Digital Civility is at its lowest levels in 4 years, according to the latest Microsoft Digital Civility Index; which also indicates that the topic garnering the most incivility is politics and a general increase in online discrimination and microaggressions. The confluence of anxiety surrounding the COVID-19 pandemic, the higher propensity to be uncivil in online environments, and the increase of political conversations happening at work during a presidential election year could be putting your organization at risk of emails, web-based meetings and messaging platforms becoming forums for harassing behaviors, microaggressions, and an intolerance for those who aren’t as technologically adept.
There is a rise in anti-Asian and anti-Chinese sentiment that may not be constrained to after hours.
A recent article, “Coughing While Asian”, describes the intersection of racism toward Asians and the panic from the COVID-19 pandemic. Perceived and real risk to our safety cause people to go into protection mode, which can also lead to biasing ourselves against those who are different, unfamiliar, or stereotypically affiliated with a threat. That, combined with having one of the most multigenerational, socioeconomically and (in so many other ways) diverse workforces in history, has a variety of caregiving needs and varying levels of access to resources underscores the need to be intentional about inclusion, belonging, and providing the vocabulary for your workforce to engage respectfully and in alignment with your organizational values.
Employees are looking to organizational leaders to model the cultural norms of this unprecedented time. Here are three takeaways on what leaders can do to ensure that the urgency and uncertainty of the current landscape do not undermine your efforts to create a healthy, inclusive, and productive work culture.
1. Send a message to reaffirm your organizational commitment to a culture of respect, civility, and inclusion.
This is not in absence of acknowledging the current times, but because connectedness amongst the team is needed now—more than ever. Ensure that managers are actively echoing (both in words and in actions) this message to support team members through the uncertainty, and reinforce the expectation that employees engage in ways that align with your organizational values.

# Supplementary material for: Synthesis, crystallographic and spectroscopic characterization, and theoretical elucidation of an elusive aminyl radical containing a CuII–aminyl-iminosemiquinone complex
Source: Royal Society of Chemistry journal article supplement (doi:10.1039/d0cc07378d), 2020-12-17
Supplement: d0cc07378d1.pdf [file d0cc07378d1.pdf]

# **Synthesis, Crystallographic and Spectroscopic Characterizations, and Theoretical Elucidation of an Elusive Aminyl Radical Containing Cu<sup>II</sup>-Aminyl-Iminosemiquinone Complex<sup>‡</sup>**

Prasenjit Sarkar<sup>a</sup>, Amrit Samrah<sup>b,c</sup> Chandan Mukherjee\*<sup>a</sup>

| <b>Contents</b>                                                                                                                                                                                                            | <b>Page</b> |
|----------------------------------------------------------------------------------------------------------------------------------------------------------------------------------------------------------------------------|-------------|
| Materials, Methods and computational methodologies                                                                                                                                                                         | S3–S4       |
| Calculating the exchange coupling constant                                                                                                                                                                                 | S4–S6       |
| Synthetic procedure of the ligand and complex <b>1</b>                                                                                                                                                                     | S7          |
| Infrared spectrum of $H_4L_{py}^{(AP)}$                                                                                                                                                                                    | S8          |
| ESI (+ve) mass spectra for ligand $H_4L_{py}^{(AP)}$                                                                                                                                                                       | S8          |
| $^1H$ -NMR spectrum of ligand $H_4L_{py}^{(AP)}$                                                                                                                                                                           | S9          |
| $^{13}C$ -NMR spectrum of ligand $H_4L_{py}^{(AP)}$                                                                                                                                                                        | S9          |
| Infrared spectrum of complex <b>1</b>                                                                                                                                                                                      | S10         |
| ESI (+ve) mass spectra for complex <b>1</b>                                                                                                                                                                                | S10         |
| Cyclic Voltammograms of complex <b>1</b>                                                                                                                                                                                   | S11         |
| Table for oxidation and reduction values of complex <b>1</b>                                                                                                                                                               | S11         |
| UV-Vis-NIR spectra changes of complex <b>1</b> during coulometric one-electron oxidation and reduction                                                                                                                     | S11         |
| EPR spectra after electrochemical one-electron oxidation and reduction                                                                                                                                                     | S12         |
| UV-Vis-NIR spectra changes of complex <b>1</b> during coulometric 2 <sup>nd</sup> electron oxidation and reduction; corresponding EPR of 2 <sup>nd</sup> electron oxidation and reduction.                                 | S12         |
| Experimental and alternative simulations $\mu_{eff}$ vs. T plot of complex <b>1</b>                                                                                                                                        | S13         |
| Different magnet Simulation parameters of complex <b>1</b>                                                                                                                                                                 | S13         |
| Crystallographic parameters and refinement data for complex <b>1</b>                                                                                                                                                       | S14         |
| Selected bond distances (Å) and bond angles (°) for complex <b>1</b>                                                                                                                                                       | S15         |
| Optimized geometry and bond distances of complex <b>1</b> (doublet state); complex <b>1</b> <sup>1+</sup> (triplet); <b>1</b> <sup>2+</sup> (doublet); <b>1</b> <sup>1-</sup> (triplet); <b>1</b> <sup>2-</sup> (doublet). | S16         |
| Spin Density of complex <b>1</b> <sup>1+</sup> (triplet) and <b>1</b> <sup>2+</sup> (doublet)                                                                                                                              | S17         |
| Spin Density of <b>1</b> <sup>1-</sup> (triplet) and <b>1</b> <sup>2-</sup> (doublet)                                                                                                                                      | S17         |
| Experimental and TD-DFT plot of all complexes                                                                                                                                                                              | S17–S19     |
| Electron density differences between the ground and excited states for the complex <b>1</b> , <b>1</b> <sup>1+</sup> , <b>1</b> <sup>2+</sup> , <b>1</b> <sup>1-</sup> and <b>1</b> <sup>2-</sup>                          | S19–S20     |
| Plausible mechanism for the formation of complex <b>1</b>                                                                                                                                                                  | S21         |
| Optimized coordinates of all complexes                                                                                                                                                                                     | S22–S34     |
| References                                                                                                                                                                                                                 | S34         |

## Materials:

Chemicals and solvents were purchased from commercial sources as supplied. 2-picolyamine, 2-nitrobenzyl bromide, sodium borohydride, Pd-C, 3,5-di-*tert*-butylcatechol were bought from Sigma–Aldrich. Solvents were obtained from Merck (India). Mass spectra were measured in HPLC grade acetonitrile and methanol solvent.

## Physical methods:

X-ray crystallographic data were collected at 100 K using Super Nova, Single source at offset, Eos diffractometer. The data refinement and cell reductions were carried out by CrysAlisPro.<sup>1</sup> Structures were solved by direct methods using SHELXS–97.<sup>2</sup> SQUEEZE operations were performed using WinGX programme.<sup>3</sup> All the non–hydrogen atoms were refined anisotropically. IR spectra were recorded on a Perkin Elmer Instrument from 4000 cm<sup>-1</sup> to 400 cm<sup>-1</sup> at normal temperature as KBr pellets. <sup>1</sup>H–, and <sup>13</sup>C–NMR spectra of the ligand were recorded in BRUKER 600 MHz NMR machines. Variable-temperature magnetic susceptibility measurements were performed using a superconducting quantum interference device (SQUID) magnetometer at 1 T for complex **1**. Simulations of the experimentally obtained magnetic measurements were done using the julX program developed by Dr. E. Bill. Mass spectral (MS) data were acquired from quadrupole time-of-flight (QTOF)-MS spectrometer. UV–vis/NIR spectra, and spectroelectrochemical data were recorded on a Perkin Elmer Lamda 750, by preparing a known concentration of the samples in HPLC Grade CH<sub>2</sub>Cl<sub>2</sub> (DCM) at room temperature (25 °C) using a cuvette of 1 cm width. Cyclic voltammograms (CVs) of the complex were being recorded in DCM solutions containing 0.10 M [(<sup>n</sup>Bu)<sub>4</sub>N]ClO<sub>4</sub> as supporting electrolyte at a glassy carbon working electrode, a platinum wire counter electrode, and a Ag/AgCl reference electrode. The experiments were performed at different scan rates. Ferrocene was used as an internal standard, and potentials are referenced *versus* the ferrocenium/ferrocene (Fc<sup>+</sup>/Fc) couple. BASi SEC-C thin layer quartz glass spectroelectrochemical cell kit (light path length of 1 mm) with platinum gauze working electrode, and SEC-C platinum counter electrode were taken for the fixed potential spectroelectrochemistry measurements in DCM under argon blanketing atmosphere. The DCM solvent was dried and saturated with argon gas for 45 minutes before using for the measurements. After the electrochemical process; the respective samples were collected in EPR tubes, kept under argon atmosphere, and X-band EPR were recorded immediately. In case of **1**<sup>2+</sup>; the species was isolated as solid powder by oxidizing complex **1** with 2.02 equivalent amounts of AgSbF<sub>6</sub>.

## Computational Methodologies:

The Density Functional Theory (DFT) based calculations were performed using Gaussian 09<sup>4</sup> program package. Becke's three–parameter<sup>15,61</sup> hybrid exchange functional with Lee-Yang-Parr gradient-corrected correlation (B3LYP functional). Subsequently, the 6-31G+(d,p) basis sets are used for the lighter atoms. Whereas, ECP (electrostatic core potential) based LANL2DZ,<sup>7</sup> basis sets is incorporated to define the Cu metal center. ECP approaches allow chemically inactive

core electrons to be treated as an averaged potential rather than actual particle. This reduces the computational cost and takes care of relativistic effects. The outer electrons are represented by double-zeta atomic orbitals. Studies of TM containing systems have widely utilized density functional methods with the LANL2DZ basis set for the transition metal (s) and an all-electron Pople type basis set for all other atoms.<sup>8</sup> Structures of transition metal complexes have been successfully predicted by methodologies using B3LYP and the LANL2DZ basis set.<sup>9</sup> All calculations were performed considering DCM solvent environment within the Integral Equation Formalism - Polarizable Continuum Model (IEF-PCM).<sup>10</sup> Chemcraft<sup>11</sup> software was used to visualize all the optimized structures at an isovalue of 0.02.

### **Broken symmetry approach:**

2. Provide access to the resources your teams need to the job expected of them.
Don’t constrain resources to equipment; include them. Consider flexibility in scheduling, support for caregiving needs, (EAP) support, access to reliable networks, and opportunities for employees to connect socially. Leverage employee resource group gatherings, forums for employees to share best practices or hobbies, and keep employees updated through strong internal communication channels to cultivate connection.
3. Continue to provide training …even if it isn’t in person.
Many learning and development professionals will admit that sole reliance on online training isn’t ideal. But having employees engage in digital training that’s focused on awareness-raising, skill-building, and role-playing behaviors, while they are socially distanced, can actually be an effective method to have team members practice skills in training topics such as DEI, mitigating bias or harassment, and discrimination prevention. Employees need the vocabulary and skill set to engage in a more (potentially) virtual environment with a heightened level of anxiety. Empower them to engage respectfully with scalable training solutions.
As an organizational leader, you are quickly and repeatedly pivoting priorities, focus, and resources to sustain the health, safety, and continuity of your organization. Maintaining a commitment to diversity, inclusion, and belonging will only strengthen the engagement and well being of your teams at this critical and unprecedented time.